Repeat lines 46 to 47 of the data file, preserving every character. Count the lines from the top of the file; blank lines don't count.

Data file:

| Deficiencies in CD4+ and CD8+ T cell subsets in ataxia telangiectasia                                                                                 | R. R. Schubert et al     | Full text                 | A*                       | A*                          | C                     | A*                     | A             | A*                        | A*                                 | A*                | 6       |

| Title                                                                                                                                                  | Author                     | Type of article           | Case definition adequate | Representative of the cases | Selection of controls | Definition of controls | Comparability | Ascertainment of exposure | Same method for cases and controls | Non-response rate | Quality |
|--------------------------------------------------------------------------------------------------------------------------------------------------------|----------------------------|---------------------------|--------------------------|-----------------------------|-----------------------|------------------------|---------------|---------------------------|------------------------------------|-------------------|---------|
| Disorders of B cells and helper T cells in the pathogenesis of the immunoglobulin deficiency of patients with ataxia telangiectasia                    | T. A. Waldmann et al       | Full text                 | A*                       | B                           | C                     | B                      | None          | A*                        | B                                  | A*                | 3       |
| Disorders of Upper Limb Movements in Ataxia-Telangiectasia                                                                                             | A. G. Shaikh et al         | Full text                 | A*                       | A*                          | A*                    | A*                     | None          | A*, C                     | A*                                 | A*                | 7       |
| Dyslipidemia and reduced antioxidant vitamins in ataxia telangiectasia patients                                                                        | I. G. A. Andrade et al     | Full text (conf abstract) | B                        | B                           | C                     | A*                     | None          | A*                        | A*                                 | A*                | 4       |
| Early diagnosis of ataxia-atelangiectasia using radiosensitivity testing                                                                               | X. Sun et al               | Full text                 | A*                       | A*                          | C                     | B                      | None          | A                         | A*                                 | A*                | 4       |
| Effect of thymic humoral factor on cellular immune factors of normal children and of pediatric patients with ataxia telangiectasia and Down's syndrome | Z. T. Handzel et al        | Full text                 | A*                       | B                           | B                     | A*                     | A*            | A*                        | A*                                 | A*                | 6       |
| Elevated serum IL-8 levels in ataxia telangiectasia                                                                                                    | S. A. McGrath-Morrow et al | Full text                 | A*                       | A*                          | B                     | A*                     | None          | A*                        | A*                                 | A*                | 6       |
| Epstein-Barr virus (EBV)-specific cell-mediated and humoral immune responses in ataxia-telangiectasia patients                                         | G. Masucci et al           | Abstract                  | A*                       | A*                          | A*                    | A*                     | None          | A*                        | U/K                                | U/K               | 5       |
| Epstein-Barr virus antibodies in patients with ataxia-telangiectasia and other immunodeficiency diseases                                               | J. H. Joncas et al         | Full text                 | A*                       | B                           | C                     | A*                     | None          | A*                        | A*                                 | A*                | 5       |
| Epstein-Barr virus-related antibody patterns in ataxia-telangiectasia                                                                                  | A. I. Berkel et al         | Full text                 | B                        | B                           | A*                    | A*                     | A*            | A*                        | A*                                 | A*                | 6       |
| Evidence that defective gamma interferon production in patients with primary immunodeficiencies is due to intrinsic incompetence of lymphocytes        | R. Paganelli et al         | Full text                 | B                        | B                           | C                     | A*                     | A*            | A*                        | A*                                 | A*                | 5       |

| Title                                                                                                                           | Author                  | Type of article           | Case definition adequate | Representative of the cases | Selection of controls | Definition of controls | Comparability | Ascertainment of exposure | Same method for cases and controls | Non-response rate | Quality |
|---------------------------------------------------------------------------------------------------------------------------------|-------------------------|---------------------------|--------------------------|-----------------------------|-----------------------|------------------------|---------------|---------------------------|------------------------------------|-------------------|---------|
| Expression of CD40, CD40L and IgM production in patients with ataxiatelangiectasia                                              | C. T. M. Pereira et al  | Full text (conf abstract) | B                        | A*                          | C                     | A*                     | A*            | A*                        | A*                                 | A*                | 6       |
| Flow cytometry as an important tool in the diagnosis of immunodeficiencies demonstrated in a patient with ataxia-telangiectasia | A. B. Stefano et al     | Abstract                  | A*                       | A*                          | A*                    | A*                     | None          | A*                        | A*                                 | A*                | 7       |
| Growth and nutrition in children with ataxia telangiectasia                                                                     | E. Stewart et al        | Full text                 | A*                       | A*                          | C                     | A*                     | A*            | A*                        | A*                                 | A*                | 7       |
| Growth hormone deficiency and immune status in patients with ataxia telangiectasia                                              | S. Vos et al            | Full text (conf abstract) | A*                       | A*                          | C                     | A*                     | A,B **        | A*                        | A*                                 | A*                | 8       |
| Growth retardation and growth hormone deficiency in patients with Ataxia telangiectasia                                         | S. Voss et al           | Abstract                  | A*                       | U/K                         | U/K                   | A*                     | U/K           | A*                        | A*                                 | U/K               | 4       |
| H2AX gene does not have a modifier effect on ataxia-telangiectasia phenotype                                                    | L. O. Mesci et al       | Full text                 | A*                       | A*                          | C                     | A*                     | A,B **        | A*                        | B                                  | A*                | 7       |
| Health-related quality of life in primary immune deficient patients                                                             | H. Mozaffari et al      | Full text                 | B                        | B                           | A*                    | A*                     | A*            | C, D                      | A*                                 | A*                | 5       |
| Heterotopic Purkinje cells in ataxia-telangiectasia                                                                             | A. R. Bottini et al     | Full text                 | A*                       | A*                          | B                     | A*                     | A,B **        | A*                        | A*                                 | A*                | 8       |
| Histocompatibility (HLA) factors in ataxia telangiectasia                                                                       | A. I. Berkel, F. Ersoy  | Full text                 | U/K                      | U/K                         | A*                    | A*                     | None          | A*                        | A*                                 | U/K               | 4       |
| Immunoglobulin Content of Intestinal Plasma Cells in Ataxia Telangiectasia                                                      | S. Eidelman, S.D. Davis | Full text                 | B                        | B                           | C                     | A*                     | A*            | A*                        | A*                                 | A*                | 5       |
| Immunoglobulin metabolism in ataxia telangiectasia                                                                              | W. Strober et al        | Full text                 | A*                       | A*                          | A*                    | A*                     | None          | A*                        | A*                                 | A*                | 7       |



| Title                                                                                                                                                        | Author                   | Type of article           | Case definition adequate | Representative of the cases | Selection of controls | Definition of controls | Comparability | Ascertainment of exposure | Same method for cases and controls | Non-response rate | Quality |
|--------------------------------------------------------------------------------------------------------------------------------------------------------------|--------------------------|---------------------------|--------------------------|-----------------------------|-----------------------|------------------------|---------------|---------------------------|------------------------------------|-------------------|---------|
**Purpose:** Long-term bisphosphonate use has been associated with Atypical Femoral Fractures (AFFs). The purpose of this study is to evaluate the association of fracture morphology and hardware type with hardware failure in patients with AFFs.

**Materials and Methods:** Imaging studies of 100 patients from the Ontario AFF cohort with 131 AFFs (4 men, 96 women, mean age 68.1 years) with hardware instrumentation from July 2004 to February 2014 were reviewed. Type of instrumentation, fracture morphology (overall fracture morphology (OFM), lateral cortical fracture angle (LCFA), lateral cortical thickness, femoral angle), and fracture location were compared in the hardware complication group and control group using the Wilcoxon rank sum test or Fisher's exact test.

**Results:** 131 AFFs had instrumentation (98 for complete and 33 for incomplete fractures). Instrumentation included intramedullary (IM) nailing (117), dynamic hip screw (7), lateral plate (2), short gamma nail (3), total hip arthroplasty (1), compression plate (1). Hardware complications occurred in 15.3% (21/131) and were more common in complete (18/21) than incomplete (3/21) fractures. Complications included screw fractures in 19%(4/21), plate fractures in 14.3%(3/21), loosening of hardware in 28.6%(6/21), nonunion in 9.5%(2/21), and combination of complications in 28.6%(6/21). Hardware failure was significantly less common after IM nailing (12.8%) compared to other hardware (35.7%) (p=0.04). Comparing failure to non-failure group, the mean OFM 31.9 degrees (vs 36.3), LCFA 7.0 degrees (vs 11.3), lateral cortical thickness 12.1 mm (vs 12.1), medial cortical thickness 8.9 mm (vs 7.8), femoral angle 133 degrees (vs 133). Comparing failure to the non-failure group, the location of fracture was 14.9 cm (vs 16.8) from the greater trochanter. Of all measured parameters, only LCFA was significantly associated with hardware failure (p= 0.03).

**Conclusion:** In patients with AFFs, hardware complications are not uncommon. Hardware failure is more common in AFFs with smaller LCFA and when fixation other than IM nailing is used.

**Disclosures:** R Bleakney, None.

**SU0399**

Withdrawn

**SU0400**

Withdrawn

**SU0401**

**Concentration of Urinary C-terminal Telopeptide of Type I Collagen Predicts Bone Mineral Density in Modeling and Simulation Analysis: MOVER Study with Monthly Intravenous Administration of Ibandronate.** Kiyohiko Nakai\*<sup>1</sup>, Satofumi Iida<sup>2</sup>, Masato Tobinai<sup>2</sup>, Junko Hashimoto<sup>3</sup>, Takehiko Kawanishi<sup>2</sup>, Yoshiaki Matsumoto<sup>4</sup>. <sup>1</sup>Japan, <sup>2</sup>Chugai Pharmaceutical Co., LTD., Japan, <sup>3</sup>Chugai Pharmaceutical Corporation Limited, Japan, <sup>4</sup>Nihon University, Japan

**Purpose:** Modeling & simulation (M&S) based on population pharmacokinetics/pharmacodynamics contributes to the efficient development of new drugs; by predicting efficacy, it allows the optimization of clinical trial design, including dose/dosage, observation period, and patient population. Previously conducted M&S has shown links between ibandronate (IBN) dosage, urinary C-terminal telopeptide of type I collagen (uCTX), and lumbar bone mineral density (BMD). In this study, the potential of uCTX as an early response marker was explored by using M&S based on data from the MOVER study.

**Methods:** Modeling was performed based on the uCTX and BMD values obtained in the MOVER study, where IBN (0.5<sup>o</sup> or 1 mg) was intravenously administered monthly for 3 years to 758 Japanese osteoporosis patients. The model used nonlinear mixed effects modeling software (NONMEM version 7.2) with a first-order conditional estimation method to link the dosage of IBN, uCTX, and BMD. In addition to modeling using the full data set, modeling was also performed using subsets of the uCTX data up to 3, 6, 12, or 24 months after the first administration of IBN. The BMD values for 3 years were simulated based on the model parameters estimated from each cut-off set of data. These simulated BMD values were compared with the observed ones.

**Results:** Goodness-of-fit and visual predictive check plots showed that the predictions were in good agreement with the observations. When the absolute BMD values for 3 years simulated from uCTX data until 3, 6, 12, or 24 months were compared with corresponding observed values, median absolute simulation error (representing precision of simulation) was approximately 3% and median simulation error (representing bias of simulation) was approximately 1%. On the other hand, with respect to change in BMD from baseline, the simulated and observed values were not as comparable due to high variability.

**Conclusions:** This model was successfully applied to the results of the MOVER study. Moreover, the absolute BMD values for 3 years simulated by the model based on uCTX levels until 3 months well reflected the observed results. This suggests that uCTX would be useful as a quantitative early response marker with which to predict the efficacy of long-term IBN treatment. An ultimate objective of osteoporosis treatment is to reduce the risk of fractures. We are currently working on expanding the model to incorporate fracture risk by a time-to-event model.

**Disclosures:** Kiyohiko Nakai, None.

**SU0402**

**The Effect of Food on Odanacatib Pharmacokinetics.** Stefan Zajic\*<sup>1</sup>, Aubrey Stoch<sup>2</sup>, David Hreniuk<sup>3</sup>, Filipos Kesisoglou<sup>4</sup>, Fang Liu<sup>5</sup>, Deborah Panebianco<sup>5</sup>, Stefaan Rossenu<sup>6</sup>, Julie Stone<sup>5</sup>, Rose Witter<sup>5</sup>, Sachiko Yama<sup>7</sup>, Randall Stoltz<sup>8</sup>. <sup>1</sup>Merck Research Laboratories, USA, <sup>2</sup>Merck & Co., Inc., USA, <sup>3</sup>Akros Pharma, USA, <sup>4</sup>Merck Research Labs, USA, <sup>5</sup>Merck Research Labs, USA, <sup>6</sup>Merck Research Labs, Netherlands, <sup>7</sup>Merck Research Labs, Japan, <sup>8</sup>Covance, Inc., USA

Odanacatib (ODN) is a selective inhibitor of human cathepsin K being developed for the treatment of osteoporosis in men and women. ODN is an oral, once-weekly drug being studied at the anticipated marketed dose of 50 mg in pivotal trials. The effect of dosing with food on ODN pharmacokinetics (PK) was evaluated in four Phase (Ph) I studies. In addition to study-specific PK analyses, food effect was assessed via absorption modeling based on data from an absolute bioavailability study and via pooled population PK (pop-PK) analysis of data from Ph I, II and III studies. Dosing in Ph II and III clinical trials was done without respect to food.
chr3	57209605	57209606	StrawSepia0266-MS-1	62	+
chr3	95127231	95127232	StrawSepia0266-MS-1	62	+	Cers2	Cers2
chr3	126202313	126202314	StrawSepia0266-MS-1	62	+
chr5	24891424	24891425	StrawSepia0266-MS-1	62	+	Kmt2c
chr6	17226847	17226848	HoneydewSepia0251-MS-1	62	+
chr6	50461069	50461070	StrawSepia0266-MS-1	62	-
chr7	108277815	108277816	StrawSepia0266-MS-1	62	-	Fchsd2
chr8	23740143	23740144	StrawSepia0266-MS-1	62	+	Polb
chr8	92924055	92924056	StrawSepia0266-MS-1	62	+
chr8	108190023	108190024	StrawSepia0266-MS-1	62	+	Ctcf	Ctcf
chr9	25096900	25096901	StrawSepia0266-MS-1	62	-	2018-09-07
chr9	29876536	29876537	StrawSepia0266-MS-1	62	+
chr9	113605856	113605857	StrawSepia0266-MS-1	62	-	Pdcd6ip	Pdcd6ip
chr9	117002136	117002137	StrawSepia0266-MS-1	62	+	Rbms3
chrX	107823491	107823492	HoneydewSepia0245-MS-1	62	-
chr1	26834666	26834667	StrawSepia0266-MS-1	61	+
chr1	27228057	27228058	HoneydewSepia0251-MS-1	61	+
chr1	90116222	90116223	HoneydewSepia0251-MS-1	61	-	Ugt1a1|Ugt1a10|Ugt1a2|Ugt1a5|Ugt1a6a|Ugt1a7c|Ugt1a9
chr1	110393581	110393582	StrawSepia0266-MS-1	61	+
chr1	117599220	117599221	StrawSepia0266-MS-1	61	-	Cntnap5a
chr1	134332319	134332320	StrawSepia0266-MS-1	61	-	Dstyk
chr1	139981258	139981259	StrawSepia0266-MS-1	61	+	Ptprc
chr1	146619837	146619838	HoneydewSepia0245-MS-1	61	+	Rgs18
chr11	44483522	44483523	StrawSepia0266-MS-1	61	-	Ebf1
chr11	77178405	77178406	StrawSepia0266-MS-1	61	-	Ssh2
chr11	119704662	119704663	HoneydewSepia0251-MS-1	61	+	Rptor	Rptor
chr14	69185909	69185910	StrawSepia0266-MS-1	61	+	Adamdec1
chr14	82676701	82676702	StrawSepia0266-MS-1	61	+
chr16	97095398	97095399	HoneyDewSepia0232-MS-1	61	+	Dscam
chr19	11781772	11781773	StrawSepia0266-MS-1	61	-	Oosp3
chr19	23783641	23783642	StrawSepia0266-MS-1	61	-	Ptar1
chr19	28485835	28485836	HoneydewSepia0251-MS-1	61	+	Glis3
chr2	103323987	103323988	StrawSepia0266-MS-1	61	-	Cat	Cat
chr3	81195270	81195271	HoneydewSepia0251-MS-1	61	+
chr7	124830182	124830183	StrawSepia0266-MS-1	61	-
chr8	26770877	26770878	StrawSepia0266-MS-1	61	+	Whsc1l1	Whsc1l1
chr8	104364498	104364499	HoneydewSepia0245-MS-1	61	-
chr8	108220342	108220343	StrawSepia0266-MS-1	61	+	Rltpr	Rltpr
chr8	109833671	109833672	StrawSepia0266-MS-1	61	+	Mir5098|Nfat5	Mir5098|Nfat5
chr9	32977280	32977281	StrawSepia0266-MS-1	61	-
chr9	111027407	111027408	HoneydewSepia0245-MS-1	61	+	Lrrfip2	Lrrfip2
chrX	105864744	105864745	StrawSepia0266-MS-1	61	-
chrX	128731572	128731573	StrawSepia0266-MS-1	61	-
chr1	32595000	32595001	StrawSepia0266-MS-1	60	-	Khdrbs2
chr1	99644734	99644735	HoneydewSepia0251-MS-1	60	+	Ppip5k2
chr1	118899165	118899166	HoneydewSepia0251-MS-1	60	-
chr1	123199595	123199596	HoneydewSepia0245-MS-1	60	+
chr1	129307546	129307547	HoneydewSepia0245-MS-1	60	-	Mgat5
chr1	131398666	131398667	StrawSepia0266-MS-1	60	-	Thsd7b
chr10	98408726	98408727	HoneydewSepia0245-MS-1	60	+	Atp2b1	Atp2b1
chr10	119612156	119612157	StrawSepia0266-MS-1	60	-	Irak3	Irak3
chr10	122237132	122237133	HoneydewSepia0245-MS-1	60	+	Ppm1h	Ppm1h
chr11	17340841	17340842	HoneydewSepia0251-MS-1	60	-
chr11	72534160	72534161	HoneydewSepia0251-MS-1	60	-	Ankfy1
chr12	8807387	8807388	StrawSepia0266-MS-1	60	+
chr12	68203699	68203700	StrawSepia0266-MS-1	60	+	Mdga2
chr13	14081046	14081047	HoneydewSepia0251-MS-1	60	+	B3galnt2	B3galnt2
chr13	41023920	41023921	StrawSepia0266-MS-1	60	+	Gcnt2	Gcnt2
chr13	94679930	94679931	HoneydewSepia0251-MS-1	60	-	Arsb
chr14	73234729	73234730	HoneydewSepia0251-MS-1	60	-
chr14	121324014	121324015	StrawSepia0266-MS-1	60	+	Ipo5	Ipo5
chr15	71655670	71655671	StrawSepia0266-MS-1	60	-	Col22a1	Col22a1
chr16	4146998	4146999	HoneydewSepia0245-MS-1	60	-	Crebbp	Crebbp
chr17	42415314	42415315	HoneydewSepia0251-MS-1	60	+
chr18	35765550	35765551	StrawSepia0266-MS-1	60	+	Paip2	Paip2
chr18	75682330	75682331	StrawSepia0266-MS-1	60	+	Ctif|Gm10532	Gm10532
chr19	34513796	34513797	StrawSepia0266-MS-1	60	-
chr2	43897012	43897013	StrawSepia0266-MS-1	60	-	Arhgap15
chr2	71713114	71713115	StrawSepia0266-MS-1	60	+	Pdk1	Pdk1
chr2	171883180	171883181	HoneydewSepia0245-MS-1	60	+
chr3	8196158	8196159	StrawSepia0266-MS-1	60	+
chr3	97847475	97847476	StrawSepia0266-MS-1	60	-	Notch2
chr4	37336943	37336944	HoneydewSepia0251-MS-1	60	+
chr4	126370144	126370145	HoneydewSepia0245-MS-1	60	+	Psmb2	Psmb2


**The Effect of Food on Odanacatib Pharmacokinetics.** Stefan Zajic\*<sup>1</sup>, Aubrey Stoch<sup>2</sup>, David Hreniuk<sup>3</sup>, Filipos Kesisoglou<sup>4</sup>, Fang Liu<sup>5</sup>, Deborah Panebianco<sup>5</sup>, Stefaan Rossenu<sup>6</sup>, Julie Stone<sup>5</sup>, Rose Witter<sup>5</sup>, Sachiko Yama<sup>7</sup>, Randall Stoltz<sup>8</sup>. <sup>1</sup>Merck Research Laboratories, USA, <sup>2</sup>Merck & Co., Inc., USA, <sup>3</sup>Akros Pharma, USA, <sup>4</sup>Merck Research Labs, USA, <sup>5</sup>Merck Research Labs, USA, <sup>6</sup>Merck Research Labs, Netherlands, <sup>7</sup>Merck Research Labs, Japan, <sup>8</sup>Covance, Inc., USA

Odanacatib (ODN) is a selective inhibitor of human cathepsin K being developed for the treatment of osteoporosis in men and women. ODN is an oral, once-weekly drug being studied at the anticipated marketed dose of 50 mg in pivotal trials. The effect of dosing with food on ODN pharmacokinetics (PK) was evaluated in four Phase (Ph) I studies. In addition to study-specific PK analyses, food effect was assessed via absorption modeling based on data from an absolute bioavailability study and via pooled population PK (pop-PK) analysis of data from Ph I, II and III studies. Dosing in Ph II and III clinical trials was done without respect to food.